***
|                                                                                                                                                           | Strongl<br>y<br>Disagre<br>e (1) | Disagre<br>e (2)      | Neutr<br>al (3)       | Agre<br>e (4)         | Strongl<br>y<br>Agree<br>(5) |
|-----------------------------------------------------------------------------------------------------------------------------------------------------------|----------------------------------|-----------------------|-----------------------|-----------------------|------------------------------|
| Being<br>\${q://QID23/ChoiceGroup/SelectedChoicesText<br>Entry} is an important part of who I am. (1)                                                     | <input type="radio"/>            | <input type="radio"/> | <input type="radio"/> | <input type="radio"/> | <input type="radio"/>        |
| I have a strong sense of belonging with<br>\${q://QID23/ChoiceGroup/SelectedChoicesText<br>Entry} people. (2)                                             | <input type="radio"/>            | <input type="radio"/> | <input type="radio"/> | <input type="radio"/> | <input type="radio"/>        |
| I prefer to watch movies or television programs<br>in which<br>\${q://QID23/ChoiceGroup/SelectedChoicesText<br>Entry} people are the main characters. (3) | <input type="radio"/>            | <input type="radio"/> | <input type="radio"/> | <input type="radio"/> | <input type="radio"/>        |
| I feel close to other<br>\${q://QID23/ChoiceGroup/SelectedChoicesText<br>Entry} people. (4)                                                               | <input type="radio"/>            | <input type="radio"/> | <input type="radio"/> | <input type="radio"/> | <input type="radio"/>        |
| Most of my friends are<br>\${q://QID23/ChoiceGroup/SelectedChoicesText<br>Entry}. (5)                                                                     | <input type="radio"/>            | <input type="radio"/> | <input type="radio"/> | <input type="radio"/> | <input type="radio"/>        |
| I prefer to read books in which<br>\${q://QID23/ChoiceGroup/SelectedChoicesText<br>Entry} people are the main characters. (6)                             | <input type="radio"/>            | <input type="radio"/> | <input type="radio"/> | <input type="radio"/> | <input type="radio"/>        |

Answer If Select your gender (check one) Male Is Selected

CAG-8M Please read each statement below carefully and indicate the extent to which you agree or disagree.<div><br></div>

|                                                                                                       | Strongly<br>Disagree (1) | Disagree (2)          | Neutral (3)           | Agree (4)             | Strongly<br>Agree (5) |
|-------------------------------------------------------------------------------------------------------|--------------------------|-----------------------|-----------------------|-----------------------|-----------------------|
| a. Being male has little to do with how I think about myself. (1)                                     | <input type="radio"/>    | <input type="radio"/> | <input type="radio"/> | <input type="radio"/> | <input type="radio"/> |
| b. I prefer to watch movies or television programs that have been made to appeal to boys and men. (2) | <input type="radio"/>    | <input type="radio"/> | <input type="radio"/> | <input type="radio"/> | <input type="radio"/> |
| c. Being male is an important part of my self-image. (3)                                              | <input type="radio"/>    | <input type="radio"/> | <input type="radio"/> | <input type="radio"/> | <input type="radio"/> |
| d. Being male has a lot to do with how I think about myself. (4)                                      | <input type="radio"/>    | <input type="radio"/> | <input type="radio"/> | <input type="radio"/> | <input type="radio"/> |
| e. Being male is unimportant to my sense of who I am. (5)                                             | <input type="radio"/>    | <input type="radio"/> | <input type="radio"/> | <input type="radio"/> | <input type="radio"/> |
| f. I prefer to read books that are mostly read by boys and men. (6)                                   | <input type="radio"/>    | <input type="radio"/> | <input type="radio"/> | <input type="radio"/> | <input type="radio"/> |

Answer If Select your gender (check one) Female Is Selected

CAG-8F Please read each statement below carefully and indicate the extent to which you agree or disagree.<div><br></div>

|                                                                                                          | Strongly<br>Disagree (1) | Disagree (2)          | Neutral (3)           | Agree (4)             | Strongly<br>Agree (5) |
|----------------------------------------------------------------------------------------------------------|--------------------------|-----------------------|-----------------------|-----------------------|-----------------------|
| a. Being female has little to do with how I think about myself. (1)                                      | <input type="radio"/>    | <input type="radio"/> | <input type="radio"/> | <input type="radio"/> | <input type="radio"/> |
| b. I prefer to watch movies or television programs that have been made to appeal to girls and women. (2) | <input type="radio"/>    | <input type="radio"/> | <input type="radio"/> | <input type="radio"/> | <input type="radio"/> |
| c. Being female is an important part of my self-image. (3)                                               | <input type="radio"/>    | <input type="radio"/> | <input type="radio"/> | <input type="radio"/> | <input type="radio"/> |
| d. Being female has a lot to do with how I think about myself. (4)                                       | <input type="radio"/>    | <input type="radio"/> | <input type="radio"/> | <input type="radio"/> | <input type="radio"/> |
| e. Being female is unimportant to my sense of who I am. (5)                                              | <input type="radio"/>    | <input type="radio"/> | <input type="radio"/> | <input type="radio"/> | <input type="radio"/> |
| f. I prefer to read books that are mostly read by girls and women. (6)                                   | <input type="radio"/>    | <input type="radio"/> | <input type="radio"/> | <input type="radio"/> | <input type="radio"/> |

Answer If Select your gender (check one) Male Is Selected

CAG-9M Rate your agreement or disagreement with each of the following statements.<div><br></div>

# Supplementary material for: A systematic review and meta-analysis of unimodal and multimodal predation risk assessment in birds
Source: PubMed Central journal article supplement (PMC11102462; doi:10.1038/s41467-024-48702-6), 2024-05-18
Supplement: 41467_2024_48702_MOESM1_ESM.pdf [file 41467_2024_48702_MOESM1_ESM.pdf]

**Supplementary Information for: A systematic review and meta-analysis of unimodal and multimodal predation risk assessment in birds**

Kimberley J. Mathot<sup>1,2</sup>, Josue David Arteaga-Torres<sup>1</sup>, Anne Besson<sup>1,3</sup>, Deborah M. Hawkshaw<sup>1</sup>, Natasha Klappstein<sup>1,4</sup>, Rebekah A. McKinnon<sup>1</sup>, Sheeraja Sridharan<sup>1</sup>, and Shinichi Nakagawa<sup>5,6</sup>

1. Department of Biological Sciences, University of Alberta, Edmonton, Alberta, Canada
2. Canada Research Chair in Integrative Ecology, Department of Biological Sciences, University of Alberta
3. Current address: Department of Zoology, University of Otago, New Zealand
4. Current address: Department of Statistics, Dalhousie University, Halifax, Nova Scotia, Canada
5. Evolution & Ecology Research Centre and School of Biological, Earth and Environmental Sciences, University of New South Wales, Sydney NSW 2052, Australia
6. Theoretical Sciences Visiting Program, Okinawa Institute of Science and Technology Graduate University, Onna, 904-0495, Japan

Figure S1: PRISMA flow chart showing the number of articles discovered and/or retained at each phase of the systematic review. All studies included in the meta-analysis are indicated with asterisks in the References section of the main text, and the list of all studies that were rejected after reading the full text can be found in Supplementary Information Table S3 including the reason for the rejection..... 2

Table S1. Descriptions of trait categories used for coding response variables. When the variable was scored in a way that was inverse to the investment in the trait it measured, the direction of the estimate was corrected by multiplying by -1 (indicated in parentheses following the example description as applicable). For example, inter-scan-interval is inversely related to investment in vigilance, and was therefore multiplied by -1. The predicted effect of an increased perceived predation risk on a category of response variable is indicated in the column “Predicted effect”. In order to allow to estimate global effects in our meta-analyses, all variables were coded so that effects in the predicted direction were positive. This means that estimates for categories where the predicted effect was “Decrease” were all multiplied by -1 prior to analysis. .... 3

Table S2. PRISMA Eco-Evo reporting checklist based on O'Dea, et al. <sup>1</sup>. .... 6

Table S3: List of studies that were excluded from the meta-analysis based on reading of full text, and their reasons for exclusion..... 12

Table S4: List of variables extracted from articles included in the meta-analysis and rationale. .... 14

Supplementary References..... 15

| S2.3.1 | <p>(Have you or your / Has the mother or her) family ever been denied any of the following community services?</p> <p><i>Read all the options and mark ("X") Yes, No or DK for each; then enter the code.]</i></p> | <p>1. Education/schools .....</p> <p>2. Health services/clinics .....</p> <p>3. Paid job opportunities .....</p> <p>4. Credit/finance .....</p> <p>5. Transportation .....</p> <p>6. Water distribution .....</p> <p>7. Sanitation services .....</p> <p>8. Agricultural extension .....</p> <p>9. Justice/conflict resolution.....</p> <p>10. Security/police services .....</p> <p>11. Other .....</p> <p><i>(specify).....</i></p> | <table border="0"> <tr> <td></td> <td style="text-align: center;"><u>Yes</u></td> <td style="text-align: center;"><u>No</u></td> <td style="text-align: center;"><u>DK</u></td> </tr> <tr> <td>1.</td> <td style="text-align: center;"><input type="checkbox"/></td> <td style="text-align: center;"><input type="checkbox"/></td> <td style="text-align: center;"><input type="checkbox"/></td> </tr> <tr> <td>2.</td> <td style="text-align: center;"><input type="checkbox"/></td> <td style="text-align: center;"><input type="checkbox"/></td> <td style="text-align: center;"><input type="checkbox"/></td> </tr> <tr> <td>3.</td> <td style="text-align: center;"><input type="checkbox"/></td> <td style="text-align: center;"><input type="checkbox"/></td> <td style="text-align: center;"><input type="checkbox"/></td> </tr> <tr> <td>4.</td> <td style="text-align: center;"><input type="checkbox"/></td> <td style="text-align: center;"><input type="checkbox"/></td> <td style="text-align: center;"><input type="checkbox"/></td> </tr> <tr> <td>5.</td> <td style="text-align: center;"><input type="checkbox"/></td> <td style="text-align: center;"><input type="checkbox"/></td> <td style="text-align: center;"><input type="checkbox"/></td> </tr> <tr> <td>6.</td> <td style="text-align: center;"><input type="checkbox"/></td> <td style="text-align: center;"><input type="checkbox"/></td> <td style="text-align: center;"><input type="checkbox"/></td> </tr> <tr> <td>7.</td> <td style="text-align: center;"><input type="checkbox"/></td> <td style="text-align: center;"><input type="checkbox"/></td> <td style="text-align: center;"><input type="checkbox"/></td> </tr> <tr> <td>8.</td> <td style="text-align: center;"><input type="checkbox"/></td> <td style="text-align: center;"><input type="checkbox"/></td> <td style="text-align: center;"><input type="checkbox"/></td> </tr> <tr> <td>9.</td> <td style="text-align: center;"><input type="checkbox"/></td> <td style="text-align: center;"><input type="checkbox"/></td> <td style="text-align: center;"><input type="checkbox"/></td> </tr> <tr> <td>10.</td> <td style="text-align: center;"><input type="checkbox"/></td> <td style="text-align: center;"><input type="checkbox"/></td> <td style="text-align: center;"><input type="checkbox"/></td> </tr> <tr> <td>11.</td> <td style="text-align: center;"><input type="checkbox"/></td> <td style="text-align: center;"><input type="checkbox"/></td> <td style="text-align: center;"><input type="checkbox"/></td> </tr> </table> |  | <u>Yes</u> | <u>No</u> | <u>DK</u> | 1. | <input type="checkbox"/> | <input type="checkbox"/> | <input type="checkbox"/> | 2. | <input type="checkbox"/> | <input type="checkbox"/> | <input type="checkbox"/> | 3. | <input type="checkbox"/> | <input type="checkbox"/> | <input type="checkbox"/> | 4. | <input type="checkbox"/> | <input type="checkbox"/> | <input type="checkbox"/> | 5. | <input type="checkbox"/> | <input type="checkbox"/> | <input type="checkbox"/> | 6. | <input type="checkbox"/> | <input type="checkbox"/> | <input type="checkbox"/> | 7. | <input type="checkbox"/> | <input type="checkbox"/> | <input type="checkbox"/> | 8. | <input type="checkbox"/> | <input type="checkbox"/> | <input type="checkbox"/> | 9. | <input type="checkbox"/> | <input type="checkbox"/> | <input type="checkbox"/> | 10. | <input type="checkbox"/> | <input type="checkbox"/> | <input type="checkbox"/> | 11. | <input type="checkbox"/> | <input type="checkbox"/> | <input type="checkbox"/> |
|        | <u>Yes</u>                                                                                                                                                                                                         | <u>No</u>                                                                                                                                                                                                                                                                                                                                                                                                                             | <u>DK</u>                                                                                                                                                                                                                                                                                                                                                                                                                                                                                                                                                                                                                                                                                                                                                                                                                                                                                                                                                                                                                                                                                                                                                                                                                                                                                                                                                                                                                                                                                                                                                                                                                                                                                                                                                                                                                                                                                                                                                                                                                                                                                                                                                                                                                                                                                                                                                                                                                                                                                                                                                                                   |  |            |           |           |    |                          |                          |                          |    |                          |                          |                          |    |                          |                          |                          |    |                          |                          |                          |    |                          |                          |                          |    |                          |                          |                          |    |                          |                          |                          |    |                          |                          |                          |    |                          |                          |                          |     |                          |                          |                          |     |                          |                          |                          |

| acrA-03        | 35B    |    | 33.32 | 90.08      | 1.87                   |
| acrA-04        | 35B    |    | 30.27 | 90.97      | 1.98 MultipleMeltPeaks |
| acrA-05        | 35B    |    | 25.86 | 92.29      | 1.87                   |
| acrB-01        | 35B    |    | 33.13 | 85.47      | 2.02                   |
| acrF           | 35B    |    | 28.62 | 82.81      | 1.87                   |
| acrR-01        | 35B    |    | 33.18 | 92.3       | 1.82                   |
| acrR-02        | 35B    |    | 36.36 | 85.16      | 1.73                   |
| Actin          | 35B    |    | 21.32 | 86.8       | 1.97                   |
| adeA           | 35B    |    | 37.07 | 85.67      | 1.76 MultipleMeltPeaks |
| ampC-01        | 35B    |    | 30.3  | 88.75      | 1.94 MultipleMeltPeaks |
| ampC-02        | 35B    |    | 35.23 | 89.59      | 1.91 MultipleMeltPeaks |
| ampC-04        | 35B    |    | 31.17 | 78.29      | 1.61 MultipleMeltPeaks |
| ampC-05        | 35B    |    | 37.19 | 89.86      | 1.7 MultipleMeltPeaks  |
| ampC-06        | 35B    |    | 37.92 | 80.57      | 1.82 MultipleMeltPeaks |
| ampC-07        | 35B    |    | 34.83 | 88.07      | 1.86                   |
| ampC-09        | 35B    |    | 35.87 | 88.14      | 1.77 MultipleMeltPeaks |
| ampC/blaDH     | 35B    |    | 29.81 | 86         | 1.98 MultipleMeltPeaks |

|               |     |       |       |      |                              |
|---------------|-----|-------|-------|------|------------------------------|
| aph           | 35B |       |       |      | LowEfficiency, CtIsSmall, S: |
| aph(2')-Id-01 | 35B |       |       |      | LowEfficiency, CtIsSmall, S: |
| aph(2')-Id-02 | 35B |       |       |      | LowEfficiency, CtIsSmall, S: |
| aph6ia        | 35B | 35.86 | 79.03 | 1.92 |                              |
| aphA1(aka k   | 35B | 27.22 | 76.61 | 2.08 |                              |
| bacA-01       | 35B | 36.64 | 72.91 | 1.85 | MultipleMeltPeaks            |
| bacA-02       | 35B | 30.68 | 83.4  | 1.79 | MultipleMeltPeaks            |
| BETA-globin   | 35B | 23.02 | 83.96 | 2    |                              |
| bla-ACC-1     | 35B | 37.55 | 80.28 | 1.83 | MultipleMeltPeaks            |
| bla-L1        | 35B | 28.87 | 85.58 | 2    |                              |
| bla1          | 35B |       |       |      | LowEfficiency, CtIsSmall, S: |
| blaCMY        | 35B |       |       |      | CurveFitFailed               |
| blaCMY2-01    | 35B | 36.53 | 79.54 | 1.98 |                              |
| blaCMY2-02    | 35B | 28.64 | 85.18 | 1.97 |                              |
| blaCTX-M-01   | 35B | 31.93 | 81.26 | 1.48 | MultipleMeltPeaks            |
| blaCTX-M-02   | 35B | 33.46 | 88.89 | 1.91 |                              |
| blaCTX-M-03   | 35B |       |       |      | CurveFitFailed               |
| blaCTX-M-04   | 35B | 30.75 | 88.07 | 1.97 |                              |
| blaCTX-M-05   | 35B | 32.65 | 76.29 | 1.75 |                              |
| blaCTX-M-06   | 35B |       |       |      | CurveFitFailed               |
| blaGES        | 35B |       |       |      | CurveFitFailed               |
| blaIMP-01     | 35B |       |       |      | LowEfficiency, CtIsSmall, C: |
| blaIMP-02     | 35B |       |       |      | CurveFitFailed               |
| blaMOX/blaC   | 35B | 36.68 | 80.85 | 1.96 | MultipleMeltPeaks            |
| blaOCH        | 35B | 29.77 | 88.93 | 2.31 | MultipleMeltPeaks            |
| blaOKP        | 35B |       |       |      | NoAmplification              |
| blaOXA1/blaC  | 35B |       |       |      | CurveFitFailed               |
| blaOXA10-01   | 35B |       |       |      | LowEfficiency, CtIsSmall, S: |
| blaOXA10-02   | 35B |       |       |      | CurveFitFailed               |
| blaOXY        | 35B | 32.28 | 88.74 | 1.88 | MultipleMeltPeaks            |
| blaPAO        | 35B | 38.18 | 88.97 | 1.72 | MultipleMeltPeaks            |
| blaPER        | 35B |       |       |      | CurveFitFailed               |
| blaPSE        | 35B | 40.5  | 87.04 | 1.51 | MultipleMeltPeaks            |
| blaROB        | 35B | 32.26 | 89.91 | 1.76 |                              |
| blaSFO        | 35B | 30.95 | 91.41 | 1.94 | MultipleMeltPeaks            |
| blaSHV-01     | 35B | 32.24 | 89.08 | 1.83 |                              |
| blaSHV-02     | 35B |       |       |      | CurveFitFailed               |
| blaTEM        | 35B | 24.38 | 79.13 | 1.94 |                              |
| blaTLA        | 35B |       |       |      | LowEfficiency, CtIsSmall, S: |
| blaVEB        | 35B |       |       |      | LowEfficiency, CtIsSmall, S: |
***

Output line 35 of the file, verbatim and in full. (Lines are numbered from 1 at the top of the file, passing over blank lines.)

Kimberley J. Mathot<sup>1,2</sup>, Josue David Arteaga-Torres<sup>1</sup>, Anne Besson<sup>1,3</sup>, Deborah M. Hawkshaw<sup>1</sup>, Natasha Klappstein<sup>1,4</sup>, Rebekah A. McKinnon<sup>1</sup>, Sheeraja Sridharan<sup>1</sup>, and Shinichi Nakagawa<sup>5,6</sup>